• The claim by the State Litigation Authority (SLA) that the SAC is not authorised to view the case was refuted since the court’s qualitative competences include viewing cases contesting SPC decisions.



• The SLA claim that the case was filed by an irrelevant claimant was refuted on grounds that the claimant is an Egyptian citizen who as such is entitled and has an invested interest in that the Constitution and law should be respected with regard to political parties, their activity, and their running in general elections.
• The Constitution bases political life in Egypt on political and party pluralism and peaceful rotation of power. It grants citizens the right to form parties upon notification according to the law. The Constitution bans any political activity or party based on religion or on gender, ethnic, sectarian or locality differences. It also bans any activity hostile to democracy, or of secret or military or paramilitary nature. It bans the dissolution of parties without judicial ruling; no party may be dissolved by an administrative decision.
• The clause banning parties with religious-oriented principles, agenda, activity, or members does not target Islam or any of the heavenly religions endorsed by the Constitution. It does not deprive the followers of any of these religions from practicing politics or participating in party activity. It is rather intended to guard religion against being exploited as means of division. Religion must not be thrust into the political melee to cause communal discord, or to replace loyalty to the homeland with religious loyalty. Once religious belonging replaces the concept of citizenship, it has the potential of undermining national unity and laying the foundation for gruesome sectarianism.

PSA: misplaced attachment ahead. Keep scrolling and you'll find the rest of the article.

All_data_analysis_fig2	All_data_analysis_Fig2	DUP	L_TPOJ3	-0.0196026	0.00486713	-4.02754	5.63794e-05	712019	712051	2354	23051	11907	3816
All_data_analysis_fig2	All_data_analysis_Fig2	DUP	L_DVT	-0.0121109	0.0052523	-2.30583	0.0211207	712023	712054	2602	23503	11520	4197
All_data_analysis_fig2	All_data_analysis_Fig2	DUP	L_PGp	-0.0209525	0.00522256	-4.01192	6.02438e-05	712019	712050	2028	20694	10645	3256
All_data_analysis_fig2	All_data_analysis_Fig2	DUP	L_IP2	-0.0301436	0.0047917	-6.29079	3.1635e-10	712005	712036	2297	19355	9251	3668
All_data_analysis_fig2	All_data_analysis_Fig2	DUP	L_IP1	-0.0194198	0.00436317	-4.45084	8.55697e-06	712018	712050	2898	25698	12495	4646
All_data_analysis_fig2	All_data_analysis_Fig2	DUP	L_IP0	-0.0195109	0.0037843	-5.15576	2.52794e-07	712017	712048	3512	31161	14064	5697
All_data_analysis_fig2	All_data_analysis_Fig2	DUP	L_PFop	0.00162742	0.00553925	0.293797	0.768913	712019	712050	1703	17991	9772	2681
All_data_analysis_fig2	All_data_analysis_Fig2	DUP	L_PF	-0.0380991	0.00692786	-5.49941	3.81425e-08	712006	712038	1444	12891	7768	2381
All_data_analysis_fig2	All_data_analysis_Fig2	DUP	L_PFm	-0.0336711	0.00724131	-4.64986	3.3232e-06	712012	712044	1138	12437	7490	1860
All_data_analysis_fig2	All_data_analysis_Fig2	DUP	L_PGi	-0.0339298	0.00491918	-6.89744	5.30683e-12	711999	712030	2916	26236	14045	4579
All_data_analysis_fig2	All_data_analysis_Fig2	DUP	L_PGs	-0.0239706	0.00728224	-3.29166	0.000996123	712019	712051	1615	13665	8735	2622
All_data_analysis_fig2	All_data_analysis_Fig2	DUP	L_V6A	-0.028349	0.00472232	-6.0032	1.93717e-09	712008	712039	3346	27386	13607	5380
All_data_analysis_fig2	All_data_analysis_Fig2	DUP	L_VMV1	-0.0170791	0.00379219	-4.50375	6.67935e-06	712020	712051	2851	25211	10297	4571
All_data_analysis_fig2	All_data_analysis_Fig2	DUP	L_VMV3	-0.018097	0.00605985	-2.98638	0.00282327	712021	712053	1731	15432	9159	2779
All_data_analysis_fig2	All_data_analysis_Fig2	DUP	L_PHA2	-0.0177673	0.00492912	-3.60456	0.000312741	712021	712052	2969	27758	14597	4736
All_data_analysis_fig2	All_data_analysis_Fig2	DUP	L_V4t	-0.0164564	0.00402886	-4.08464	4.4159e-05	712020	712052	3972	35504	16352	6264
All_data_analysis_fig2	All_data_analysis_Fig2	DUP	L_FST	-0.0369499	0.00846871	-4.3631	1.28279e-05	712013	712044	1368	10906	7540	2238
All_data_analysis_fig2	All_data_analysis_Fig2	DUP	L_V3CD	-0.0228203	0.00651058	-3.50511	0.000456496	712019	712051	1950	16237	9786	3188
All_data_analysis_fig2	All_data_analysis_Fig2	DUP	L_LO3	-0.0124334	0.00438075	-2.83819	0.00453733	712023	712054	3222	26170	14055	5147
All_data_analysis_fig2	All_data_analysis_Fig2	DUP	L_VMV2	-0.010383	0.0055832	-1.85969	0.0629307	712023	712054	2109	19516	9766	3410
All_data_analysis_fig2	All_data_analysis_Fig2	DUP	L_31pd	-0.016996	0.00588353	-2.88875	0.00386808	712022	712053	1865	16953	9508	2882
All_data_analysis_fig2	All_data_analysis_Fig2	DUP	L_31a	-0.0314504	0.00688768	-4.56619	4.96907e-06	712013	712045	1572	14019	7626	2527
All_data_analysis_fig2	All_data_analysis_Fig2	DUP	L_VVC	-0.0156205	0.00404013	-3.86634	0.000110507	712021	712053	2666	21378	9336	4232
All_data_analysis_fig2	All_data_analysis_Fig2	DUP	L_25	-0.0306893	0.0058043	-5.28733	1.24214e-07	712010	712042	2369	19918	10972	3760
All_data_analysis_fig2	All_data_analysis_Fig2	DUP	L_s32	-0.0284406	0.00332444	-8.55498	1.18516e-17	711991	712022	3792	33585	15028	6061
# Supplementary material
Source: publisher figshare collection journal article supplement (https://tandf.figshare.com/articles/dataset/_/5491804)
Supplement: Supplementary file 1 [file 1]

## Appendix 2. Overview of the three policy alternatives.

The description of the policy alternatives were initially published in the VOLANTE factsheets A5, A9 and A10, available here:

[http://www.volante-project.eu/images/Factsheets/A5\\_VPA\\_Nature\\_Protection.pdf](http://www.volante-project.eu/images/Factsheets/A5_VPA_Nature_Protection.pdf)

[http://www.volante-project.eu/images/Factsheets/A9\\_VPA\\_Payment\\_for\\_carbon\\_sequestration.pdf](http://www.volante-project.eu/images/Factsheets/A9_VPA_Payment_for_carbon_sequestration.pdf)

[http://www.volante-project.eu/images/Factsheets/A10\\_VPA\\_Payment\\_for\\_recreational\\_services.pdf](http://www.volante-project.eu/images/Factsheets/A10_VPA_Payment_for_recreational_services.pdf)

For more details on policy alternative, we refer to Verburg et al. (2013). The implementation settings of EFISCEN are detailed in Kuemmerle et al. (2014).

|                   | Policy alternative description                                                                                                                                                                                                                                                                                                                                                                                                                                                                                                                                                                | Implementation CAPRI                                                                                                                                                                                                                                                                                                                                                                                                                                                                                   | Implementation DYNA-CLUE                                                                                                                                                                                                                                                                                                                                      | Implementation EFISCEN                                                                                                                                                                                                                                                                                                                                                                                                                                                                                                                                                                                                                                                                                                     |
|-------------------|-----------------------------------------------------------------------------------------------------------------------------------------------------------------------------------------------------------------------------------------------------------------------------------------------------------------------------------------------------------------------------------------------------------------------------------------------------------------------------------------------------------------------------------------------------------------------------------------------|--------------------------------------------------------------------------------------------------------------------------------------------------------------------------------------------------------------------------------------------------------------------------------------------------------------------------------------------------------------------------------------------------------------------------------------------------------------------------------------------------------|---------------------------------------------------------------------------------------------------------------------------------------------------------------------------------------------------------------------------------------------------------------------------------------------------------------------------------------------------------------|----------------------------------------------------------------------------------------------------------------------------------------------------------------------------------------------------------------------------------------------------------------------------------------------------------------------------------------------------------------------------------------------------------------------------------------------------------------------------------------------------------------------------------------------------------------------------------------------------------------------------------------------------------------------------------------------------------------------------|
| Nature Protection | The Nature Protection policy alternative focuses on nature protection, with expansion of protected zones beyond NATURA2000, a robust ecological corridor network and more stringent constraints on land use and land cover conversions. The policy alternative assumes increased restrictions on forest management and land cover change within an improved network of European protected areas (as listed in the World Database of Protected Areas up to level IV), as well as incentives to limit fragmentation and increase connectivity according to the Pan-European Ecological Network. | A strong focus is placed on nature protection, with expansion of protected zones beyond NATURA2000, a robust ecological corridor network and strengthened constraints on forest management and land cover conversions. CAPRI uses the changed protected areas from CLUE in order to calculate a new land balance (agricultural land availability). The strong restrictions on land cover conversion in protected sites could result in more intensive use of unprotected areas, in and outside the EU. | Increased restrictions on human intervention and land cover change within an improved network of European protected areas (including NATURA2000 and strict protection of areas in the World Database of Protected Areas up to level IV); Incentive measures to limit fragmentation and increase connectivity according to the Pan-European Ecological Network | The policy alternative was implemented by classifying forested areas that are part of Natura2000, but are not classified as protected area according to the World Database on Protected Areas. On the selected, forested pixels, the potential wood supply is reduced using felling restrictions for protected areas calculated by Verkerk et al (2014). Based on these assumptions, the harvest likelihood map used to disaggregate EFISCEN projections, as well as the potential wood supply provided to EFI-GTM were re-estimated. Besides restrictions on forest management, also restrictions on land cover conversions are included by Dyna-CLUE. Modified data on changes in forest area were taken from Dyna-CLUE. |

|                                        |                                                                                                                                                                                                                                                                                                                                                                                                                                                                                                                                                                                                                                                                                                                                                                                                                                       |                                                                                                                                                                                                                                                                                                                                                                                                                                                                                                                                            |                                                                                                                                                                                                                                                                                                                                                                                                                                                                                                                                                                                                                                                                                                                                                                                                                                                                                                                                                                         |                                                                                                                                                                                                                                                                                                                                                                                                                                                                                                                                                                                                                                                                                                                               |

• If any citizen or party comes to the SPC with a claim that one or several parties failed any of the conditions stipulated by Article 4 of Law 40 of 1977 which governs political parties, and demands the SPC to take legal proceedings, the committee must comply according to the law. It should refer the demand to the Prosecutor General for investigation, and should accordingly take action … The SPC must assume the role legislatively assigned to it without laxity. Its failure in assuming this role carries negative consequences for democracy and runs contrary to the political rights of citizens as stipulated by the Constitution and the law. It also means the SPC is relinquishing a national duty and is failing the people.
• The SPC resorted to silence and did nothing regarding the demand of the claimant. It thus failed the duty assigned to it by the law. This represents an illegal administrative decision that would be annulled once the case is looked into, and the SPC is now obliged to undertake the legislatively specified legal proceedings regarding the demand by the claimant.
The ruling holds conclusive conviction of the SPC, and redeems all who question or denounce its failure to uphold the Constitution and law vis-à-vis religious parties. But what about the ongoing parliamentary elections? Will the execution of the ruling spell ruin to the parliament whose members are currently being elected?

Watani International
18 October 2015